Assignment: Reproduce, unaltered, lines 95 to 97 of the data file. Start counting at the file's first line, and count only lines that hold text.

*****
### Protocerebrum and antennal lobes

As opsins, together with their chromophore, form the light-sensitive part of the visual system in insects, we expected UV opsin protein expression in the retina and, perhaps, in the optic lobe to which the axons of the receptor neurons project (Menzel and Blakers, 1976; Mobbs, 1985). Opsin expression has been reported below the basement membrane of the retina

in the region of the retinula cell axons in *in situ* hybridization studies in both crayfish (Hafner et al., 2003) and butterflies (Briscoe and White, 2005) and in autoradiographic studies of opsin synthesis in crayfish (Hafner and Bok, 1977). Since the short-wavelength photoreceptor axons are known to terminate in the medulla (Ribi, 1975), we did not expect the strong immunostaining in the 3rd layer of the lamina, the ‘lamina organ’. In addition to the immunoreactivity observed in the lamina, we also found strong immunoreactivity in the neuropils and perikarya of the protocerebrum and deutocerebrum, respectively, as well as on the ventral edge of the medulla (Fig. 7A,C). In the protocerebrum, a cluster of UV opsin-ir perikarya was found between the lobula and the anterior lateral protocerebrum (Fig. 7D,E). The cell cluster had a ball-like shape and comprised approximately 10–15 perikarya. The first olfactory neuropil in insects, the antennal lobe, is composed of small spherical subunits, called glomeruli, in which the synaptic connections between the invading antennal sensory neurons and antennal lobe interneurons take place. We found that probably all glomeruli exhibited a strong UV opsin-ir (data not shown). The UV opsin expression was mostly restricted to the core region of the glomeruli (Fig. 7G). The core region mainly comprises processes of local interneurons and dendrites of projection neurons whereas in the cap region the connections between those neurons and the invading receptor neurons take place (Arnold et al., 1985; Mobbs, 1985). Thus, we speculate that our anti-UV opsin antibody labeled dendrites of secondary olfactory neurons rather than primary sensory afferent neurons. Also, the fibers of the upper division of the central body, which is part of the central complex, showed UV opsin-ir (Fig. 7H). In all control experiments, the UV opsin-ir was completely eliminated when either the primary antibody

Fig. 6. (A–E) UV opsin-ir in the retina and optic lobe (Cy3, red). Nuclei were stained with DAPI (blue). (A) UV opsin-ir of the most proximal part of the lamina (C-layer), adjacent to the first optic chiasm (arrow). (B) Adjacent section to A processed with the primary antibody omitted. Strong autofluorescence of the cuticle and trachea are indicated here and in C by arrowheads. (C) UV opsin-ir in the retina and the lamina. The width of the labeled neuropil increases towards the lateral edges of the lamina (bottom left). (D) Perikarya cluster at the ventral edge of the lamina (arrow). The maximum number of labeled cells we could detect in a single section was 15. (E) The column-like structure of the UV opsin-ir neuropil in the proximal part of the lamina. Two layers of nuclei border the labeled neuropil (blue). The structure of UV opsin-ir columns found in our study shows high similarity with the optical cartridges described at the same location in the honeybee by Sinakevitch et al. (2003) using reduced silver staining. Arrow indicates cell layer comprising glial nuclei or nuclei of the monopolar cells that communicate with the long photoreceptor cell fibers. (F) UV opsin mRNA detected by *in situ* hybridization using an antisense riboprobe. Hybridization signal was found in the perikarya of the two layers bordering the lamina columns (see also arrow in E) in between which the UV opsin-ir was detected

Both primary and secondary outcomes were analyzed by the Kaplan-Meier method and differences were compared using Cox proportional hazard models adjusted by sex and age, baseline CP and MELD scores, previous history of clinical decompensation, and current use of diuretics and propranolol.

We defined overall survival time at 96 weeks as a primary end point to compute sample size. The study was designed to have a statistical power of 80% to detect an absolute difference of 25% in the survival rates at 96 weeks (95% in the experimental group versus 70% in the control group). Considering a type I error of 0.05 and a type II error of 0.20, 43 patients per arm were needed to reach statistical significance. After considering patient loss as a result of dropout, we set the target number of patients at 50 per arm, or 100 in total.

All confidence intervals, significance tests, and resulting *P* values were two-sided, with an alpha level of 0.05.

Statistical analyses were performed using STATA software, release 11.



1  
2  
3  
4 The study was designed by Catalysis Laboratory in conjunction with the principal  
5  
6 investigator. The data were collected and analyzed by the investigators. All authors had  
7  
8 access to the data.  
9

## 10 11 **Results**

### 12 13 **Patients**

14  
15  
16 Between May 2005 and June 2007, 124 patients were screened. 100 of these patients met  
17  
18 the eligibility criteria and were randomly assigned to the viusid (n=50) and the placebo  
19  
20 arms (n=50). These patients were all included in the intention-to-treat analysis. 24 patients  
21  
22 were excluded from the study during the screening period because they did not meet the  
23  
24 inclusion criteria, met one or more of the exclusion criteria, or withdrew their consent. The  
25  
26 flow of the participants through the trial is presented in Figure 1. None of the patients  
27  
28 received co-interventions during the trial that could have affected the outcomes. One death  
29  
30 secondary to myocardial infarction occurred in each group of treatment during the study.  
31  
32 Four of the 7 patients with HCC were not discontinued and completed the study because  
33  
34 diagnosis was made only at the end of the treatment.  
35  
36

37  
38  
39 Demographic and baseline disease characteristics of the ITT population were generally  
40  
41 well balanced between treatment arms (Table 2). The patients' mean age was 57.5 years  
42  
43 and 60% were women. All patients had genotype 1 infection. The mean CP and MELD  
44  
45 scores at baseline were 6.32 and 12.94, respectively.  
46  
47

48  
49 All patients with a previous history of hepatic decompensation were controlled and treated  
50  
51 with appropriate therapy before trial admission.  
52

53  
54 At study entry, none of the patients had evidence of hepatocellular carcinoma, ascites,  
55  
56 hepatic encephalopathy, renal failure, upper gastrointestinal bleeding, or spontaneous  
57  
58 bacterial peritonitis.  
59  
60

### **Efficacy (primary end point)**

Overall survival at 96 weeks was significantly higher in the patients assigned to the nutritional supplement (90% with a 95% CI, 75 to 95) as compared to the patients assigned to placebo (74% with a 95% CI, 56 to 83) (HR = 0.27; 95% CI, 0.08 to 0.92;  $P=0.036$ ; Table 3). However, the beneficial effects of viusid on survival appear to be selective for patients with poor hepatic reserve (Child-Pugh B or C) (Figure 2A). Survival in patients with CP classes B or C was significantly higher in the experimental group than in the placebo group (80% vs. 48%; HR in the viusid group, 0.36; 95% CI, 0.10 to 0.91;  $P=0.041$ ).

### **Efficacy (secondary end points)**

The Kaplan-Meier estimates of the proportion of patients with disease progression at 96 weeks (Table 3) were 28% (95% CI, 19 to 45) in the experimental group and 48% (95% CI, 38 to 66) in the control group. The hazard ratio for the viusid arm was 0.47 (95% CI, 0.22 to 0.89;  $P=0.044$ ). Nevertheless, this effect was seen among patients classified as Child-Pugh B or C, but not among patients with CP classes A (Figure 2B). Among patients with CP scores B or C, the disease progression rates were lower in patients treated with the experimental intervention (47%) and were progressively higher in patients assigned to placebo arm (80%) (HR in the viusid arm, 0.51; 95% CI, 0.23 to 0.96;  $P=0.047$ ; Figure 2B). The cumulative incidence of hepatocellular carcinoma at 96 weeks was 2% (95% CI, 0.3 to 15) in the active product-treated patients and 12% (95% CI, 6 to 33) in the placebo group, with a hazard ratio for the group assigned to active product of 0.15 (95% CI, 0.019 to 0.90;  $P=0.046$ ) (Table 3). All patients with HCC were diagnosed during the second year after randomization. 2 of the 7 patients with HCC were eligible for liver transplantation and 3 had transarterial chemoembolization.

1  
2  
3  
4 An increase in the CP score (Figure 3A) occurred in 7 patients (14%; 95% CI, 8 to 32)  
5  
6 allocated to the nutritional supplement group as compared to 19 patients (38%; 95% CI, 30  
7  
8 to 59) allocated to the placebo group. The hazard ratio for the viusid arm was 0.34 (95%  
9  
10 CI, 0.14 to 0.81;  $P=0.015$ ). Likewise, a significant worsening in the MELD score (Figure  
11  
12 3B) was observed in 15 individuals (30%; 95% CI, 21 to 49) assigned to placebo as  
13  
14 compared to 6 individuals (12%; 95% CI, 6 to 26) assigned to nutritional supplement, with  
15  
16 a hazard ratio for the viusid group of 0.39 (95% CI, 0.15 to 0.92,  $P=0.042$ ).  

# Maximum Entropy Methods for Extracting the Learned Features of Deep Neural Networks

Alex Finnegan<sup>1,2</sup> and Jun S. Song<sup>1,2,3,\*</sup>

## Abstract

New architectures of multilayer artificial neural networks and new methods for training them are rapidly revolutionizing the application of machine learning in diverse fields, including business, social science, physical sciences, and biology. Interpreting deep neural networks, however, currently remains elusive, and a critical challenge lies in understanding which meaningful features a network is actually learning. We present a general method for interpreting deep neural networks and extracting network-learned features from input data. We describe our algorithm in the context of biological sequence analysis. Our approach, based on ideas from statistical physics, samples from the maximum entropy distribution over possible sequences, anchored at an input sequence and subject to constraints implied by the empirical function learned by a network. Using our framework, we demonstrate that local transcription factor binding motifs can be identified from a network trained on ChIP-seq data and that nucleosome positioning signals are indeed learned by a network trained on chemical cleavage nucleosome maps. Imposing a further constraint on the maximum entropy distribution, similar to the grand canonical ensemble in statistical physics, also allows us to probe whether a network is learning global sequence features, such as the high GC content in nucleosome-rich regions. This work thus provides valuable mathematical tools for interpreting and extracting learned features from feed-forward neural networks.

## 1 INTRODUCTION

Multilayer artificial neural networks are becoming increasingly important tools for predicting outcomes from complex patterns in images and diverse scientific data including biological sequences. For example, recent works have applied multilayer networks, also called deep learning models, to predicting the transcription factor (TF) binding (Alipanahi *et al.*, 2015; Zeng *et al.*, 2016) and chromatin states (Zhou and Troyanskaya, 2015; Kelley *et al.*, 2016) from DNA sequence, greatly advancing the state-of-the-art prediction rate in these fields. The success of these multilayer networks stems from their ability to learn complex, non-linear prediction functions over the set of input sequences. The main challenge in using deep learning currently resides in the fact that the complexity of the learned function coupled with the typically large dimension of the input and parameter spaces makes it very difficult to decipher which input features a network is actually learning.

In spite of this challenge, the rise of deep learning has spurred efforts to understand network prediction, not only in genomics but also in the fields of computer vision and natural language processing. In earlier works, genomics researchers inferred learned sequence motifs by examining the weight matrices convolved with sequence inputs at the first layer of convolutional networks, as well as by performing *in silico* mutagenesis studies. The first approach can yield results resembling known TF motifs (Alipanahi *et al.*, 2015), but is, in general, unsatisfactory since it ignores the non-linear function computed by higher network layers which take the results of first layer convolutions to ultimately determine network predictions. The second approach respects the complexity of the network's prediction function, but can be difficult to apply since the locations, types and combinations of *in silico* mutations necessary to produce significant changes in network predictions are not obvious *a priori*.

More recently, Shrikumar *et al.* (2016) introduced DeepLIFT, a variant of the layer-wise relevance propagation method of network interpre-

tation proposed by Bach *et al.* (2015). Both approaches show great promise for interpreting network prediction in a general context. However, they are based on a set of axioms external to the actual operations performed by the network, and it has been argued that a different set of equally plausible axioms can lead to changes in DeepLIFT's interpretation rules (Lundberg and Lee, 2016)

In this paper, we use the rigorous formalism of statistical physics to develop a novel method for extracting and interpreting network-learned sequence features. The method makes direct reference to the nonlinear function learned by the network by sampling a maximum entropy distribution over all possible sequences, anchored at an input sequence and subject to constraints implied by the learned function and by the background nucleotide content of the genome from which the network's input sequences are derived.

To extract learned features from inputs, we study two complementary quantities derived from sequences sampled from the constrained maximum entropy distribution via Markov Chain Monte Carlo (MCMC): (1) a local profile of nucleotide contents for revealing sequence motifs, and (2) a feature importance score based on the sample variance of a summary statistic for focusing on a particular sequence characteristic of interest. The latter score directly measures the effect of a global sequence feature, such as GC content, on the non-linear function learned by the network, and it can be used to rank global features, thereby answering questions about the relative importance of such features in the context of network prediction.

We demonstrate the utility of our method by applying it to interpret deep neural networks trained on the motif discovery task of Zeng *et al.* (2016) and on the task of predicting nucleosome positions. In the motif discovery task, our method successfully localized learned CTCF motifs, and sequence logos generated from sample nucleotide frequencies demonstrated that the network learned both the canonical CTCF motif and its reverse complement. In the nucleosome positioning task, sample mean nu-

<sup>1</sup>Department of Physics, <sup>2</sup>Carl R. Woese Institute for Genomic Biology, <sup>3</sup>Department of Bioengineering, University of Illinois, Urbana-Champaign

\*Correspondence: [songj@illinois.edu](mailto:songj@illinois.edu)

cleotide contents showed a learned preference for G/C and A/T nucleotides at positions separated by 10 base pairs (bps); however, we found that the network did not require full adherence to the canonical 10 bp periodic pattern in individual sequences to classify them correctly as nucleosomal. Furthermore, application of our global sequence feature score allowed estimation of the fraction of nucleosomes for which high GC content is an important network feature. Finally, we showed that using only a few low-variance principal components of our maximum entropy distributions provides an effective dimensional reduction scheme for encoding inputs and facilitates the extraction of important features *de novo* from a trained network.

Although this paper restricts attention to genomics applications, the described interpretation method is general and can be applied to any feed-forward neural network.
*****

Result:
tation proposed by Bach *et al.* (2015). Both approaches show great promise for interpreting network prediction in a general context. However, they are based on a set of axioms external to the actual operations performed by the network, and it has been argued that a different set of equally plausible axioms can lead to changes in DeepLIFT's interpretation rules (Lundberg and Lee, 2016)

In this paper, we use the rigorous formalism of statistical physics to develop a novel method for extracting and interpreting network-learned sequence features. The method makes direct reference to the nonlinear function learned by the network by sampling a maximum entropy distribution over all possible sequences, anchored at an input sequence and subject to constraints implied by the learned function and by the background nucleotide content of the genome from which the network's input sequences are derived.

To extract learned features from inputs, we study two complementary quantities derived from sequences sampled from the constrained maximum entropy distribution via Markov Chain Monte Carlo (MCMC): (1) a local profile of nucleotide contents for revealing sequence motifs, and (2) a feature importance score based on the sample variance of a summary statistic for focusing on a particular sequence characteristic of interest. The latter score directly measures the effect of a global sequence feature, such as GC content, on the non-linear function learned by the network, and it can be used to rank global features, thereby answering questions about the relative importance of such features in the context of network prediction.